- "Houthis are fighting "Western Imperialism"". PressTV. Archived from the original on 2014-01-13.
- "Will Yemen kick off the War of the two Blocks?'". Russia Today.
- Plotter, Alex (4 June 2015). "Yemen in crisis". Esquire. Retrieved 5 September 2015.
- "Persecution Defines Life for Yemen's Remaining Jews". New York Times. 19 February 2015.
- CNN Medics: Militants raid Yemen town, killing dozens, 27 November 2011.
- Houthis Kill 24 in North Yemen, 27 November 2011.
- "Iranian support seen crucial for Yemen's Houthis". Reuters. 15 December 2014. Retrieved 31 March 2015.
- "Syrian regime coordinates military training with Yemeni Houthis". ARA News. 9 March 2015. Retrieved 9 March 2015.
- "North Korea's Balancing Act in the Persian Gulf". The Huffington Post. 17 August 2015. Retrieved 17 August 2015.
North Korea's military support for Houthi rebels in Yemen is the latest manifestation of its support for anti-American forces.
- "Source: Hezbollah, Iran helping Hawthi rebels boost control of Yemen's capital". Haaretz. 27 September 2014. Retrieved 31 March 2015.
- Rafi, Salman (2 October 2015). "How Saudi Arabia's aggressive foreign policy is playing against itself". Asia Times. Retrieved 23 January 2016.
- "Egypt, Jordan, Sudan and Pakistan ready for ground offensive in Yemen: report". the globe and mail. 26 March 2015. Archived from the original on 26 March 2015. Retrieved 26 March 2015.
- "Saudi Arabia launches airstrikes in Yemen". CNN. 26 March 2015. Retrieved 25 March 2015.
- "SOMALIA: Somalia finally pledges support to Saudi-led coalition in Yemen – Raxanreeb Online". RBC Radio. 7 April 2015. Archived from the original on 7 April 2015. Retrieved 7 April 2015.
- "Al-Qaeda Announces Holy War against Houthis- Yemen Post English Newspaper Online". yemenpost.net.
- "Islamic State leader urges attacks in Saudi Arabia: speech". Reuters. Retrieved 26 February 2015.
- "Around 400 Blackwater Mercenaries Fighting for Saudi-Led Coalition alliance".
- "Australian mercenary reportedly killed in Yemen clashes".
- "5 Things to Know About the Houthis of Yemen". 12 February 2015.
- Deaths in Yemeni mosque blast. Al Jazeera, 2 May 2008.
- Press TV Saudi soldier, Houthi leaders killed in north Yemen, 19 November 2009.
- HRW. "Yemen". HRW. Retrieved 15 October 2016.
- "An Interview With President Ali Abdullah Saleh". NyTimes. Retrieved 15 October 2016.
- "Houthi propaganda: following in Hizbullah's footsteps". alaraby. alaraby. Retrieved 15 October 2016.
- JUNEAU, THOMAS (May 2016). "Iran's policy towards the Houthis in Yemen: a limited return on a modest investment". International Affairs. 92 (3): 647–663. doi:10.1111/1468-2346.12599.
- "Al-Bukhari to the Yemen Times: "The Houthis' takeover can not be called an invasion"". Yemen Times. 21 October 2014. Retrieved 17 February 2015.
- "Yemen's Houthis form own government in Sanaa". Al Jazeera. 6 February 2015. Retrieved 7 February 2015.
- Islam Hassan (31 March 2015). "GCC's 2014 Crisis: Causes, Issues and Solutions". Al Jazeera Research Center. Retrieved 4 June 2015.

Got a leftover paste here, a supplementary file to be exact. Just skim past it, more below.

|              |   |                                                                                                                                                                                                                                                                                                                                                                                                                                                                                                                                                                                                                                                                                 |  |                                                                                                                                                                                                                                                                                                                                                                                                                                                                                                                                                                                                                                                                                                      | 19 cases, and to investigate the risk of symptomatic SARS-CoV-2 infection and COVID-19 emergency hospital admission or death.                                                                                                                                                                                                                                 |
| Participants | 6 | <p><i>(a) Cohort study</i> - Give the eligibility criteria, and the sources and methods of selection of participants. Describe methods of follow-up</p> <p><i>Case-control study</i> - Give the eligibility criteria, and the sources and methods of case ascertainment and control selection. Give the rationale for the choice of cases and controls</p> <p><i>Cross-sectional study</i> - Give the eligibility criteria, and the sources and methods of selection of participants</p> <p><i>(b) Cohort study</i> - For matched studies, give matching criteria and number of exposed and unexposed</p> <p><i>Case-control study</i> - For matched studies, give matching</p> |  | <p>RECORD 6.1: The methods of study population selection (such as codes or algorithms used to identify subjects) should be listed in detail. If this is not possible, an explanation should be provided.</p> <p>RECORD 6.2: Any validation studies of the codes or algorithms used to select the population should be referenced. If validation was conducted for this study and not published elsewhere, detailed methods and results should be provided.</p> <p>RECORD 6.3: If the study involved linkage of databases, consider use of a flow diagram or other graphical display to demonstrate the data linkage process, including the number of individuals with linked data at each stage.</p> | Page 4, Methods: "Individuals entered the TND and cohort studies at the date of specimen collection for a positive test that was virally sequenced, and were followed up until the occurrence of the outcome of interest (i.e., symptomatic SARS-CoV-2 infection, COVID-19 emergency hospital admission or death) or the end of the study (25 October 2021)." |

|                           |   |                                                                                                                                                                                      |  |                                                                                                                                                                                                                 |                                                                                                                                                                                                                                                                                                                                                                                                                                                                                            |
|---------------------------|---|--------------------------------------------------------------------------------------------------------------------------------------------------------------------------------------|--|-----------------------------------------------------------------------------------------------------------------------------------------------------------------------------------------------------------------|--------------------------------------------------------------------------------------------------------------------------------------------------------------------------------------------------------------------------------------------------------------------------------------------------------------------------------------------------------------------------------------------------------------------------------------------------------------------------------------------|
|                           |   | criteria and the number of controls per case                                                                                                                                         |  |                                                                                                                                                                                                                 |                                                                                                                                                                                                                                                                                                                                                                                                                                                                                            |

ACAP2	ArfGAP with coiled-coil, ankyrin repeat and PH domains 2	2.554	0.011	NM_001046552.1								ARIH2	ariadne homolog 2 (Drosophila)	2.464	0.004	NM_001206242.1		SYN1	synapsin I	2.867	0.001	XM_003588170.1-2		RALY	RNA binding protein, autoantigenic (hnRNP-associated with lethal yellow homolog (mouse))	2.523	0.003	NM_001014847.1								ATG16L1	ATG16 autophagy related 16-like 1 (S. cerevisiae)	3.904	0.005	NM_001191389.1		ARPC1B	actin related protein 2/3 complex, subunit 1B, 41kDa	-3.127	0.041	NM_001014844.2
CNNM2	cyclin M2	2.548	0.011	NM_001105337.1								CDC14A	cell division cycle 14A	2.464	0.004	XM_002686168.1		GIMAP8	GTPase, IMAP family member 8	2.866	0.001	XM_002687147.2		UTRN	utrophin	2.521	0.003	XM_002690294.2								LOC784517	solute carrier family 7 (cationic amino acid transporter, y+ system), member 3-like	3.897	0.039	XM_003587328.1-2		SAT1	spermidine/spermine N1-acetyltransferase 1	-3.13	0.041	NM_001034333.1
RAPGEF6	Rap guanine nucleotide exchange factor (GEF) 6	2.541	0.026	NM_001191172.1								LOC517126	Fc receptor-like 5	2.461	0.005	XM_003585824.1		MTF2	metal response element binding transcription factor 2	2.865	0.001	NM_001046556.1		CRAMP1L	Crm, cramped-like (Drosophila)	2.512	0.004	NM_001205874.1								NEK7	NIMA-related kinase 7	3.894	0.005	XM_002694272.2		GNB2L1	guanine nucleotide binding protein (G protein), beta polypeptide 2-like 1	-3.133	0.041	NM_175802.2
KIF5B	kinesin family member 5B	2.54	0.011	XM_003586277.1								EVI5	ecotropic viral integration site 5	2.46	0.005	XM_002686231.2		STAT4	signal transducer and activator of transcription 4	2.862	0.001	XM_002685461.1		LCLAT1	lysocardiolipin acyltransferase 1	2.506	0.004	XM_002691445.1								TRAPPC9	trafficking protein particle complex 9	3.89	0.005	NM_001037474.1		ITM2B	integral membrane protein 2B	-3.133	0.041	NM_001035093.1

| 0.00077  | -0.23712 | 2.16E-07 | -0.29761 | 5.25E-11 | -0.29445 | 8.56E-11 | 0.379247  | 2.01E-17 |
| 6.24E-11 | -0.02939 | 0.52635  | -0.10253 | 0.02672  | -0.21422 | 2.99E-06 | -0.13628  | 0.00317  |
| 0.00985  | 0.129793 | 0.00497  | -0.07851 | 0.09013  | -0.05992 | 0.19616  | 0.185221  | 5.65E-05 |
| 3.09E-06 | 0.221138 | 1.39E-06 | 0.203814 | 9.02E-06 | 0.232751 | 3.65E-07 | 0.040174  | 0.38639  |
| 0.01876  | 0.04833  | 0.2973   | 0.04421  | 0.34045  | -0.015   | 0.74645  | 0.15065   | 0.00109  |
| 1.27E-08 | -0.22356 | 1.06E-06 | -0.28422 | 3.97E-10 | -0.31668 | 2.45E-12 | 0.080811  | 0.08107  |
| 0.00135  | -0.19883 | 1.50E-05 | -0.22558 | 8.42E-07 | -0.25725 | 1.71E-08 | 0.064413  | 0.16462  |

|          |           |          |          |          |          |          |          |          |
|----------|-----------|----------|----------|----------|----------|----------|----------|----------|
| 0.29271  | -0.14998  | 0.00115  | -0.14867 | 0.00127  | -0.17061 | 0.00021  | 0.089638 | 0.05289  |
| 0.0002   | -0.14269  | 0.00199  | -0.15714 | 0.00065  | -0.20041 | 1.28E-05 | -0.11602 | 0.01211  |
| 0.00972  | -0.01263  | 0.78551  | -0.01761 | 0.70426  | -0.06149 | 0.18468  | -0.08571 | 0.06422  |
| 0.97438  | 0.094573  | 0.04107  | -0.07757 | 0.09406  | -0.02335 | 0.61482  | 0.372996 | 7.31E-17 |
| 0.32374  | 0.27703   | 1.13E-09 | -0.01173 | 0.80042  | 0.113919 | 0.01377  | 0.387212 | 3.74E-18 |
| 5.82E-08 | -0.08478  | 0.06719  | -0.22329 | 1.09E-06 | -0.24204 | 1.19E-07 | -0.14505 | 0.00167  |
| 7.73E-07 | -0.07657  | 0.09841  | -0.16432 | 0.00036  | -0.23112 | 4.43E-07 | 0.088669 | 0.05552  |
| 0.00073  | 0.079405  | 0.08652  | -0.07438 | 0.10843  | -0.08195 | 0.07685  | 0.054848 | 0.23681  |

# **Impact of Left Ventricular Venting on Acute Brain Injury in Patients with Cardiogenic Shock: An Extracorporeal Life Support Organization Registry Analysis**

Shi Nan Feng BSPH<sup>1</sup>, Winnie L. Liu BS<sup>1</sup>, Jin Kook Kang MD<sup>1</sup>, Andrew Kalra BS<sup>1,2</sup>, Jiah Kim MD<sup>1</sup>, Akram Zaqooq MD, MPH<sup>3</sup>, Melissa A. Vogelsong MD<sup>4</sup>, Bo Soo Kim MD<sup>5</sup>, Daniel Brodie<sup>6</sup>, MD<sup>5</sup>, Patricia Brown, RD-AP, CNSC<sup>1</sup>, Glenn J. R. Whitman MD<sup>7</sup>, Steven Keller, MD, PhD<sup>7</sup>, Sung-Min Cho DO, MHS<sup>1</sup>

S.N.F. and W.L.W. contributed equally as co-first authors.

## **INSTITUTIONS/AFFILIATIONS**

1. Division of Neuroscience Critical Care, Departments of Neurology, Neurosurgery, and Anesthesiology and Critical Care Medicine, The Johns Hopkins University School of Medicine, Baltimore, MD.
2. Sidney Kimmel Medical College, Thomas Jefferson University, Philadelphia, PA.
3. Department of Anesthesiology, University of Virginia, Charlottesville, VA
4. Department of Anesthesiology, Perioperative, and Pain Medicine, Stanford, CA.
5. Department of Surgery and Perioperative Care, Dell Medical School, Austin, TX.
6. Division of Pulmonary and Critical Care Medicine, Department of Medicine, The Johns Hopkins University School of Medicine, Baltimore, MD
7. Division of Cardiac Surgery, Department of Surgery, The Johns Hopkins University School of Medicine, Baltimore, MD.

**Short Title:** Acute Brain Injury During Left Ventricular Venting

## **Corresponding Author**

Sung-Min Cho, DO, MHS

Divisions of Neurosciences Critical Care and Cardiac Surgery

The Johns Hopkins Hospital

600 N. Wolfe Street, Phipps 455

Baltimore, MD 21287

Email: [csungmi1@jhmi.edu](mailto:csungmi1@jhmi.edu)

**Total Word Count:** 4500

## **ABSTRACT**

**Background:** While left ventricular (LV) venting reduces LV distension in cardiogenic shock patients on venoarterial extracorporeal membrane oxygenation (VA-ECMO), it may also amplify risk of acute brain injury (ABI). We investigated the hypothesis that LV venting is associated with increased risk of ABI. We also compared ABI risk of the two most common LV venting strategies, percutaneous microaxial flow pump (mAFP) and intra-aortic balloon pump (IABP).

- "International Support to Yemen's Legitimate Government". aawsat. Retrieved 15 October 2016.
- "Yemen govt vows to stay in Aden despite IS bombings". Yahoo News. 7 October 2015.
- Agence France-Presse (7 October 2015). "Arab Coalition Faces New Islamic State Foe in Yemen Conflict". NDTV.com.
- Al Batati, Saeed (21 August 2014). "Who are the Houthis in Yemen?". Al Jazeera. Archived from the original on 23 August 2014.
- Freeman, Jack (2009). "The al Houthi Insurgency in the North of Yemen: An Analysis of the Shabab al Moumineen". Studies in Conflict & Terrorism. 32 (11): 1008–1019. doi:10.1080/10576100903262716. ISSN 1057-610X.
- "Regime and Periphery in Northern Yemen: The Huthi Phenomenon" (PDF). RAND. 2010. Retrieved 23 January 2013.
- "Yemen's Abd-al-Malik al-Houthi". BBC. 3 October 2014. Retrieved 29 November 2014.
- "Profile: The crisis in Yemen". thenational.scot.
- Adam Baron (25 March 2015). "What Went Wrong with Yemen". Retrieved 18 September 2015.
- "Yemen: The conflict in Saada Governorate - analysis". IRIN. 24 July 2008. Retrieved 29 November 2014.
- "Yemeni forces kill rebel cleric". BBC News. 10 September 2004. Archived from the original on 21 November 2006.
- "The Huthis: From Saada to Sanaa". Middle East Report N°154. International Crisis Group. 10 June 2014. Archived from the original on 8 April 2015.
- "Yemen Al Houthi rebels slam federation plan as unfair". Gulf News. 11 February 2014. Retrieved 16 March 2014.
- al-Hassani, Mohammed (6 February 2014). "HOUTHI SPOKESPERSON TALKS TO THE YEMEN TIMES". Yemen Times. Retrieved 16 March 2014.
- "Houthis Close to Control Hajjah Governorate, Amid Expectations of Expansion of Control over Large Parts of Northern Yemen". Islam Times. 29 November 2011. Archived from the original on 5 April 2012.
- "Al-Houthi Expansion Plan in Yemen Revealed". Yemen Post. 9 November 2011. Archived from the original on 9 November 2011.
- "New war with al-Houthis is looming". Yemen observer. Archived from the original on 19 September 2012. Retrieved 23 January 2013.
- "Houthis seize government buildings in Sanaa". Al Jazeera. Retrieved 21 September 2014.
- Kareem Fahim (7 January 2015). "Violence Grows in Yemen as Al Qaeda Tries to Fight Its Way Back". The New York Times. The Times Company. Retrieved 8 January 2015.